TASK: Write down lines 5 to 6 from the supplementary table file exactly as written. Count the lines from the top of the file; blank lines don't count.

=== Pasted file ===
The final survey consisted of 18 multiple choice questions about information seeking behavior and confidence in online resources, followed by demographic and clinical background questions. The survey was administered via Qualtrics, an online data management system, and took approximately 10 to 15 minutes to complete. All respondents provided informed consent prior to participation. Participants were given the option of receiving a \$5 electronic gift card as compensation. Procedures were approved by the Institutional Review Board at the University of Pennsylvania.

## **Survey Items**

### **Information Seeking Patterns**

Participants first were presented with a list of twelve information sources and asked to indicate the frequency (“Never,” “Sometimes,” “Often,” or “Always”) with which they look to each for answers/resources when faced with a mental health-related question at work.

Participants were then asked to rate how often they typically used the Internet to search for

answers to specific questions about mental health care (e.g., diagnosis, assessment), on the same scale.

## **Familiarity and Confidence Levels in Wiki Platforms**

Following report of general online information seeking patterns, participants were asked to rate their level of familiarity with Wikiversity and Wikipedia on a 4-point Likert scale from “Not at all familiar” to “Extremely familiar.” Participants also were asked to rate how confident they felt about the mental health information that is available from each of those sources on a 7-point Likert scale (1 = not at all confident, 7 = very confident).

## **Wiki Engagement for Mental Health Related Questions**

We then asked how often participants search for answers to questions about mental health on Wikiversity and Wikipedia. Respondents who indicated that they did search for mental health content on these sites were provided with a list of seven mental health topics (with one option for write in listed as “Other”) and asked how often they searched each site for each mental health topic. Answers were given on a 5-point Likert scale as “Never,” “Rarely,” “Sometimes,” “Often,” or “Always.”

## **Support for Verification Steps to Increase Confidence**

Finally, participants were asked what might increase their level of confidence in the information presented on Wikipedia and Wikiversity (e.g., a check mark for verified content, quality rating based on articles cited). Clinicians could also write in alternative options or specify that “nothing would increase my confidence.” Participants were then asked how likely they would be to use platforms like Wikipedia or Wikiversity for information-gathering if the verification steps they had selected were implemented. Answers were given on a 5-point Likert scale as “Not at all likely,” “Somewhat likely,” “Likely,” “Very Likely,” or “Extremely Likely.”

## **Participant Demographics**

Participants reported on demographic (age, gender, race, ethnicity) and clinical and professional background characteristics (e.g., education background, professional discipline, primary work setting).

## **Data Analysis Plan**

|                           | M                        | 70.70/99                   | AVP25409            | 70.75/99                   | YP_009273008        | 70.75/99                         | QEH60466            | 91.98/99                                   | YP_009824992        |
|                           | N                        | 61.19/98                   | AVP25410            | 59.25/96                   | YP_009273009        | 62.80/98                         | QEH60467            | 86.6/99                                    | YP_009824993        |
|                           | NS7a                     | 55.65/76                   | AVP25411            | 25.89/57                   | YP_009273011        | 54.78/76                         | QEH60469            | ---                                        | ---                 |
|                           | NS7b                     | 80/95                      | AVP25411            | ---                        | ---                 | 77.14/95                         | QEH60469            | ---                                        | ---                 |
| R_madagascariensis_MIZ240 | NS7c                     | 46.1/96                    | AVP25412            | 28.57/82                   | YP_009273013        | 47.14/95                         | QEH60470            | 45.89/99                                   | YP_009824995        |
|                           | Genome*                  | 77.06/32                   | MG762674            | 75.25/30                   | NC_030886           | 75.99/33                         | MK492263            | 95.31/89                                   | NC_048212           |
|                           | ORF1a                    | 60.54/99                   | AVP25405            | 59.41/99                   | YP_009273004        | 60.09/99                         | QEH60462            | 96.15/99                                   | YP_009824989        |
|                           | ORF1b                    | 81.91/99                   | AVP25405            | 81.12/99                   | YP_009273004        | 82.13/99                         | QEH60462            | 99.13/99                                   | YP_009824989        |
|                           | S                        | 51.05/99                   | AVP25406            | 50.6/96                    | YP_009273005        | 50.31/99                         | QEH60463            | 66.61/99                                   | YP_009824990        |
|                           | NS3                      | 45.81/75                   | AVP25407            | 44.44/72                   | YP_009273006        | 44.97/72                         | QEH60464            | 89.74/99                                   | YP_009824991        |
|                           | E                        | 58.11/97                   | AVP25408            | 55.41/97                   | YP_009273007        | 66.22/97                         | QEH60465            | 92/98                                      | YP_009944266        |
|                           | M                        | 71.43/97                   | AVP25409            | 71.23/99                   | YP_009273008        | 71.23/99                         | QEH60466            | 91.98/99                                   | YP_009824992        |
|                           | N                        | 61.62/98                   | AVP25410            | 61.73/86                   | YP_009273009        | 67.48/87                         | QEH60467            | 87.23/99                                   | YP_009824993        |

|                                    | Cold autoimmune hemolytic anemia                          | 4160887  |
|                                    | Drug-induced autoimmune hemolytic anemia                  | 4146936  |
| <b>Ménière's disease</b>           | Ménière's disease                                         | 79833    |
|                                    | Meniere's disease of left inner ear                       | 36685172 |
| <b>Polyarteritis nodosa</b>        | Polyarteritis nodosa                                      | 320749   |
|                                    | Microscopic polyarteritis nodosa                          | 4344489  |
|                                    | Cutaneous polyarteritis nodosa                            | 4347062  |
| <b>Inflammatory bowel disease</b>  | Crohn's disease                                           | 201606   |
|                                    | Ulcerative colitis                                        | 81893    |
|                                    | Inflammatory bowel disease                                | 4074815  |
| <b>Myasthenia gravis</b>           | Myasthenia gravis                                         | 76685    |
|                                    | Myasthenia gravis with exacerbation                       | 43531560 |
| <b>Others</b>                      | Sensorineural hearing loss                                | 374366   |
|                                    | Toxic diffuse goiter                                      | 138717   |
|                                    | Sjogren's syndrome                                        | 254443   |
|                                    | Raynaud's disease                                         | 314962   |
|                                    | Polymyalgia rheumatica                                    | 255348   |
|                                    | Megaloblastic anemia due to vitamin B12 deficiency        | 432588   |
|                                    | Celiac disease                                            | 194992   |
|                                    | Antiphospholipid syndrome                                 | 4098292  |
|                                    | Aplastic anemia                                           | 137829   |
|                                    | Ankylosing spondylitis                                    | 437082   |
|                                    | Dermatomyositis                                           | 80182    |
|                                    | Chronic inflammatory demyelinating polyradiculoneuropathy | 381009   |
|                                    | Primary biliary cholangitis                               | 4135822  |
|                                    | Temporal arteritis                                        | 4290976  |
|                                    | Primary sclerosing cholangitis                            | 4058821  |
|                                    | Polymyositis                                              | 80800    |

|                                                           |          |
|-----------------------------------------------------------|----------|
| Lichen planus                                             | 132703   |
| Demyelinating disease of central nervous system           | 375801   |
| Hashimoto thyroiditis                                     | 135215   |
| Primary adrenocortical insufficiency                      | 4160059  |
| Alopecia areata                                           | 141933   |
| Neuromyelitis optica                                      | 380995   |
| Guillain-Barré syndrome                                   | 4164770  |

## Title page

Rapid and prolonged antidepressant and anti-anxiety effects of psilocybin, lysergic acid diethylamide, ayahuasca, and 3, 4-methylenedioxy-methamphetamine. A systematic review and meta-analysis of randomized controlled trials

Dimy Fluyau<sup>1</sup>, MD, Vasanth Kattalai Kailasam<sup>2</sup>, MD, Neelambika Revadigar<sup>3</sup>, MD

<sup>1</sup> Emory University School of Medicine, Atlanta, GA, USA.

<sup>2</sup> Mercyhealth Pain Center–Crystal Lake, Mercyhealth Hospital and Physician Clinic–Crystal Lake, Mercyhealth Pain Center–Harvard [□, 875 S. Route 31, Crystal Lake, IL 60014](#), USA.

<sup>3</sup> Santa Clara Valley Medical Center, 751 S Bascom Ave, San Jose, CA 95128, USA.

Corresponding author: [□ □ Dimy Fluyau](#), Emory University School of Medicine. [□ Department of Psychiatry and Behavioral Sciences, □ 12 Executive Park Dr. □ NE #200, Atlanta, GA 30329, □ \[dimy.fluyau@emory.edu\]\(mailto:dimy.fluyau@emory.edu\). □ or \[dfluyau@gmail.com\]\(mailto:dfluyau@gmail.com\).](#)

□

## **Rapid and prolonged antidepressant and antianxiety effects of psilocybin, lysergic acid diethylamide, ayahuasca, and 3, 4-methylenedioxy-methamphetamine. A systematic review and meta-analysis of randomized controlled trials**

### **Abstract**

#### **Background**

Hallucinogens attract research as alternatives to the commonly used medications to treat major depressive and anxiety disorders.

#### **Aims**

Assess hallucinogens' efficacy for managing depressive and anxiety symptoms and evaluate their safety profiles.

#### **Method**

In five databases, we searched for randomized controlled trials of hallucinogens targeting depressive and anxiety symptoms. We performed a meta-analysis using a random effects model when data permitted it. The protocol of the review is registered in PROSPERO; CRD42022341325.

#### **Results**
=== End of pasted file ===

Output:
Participants were then asked to rate how often they typically used the Internet to search for

answers to specific questions about mental health care (e.g., diagnosis, assessment), on the same scale.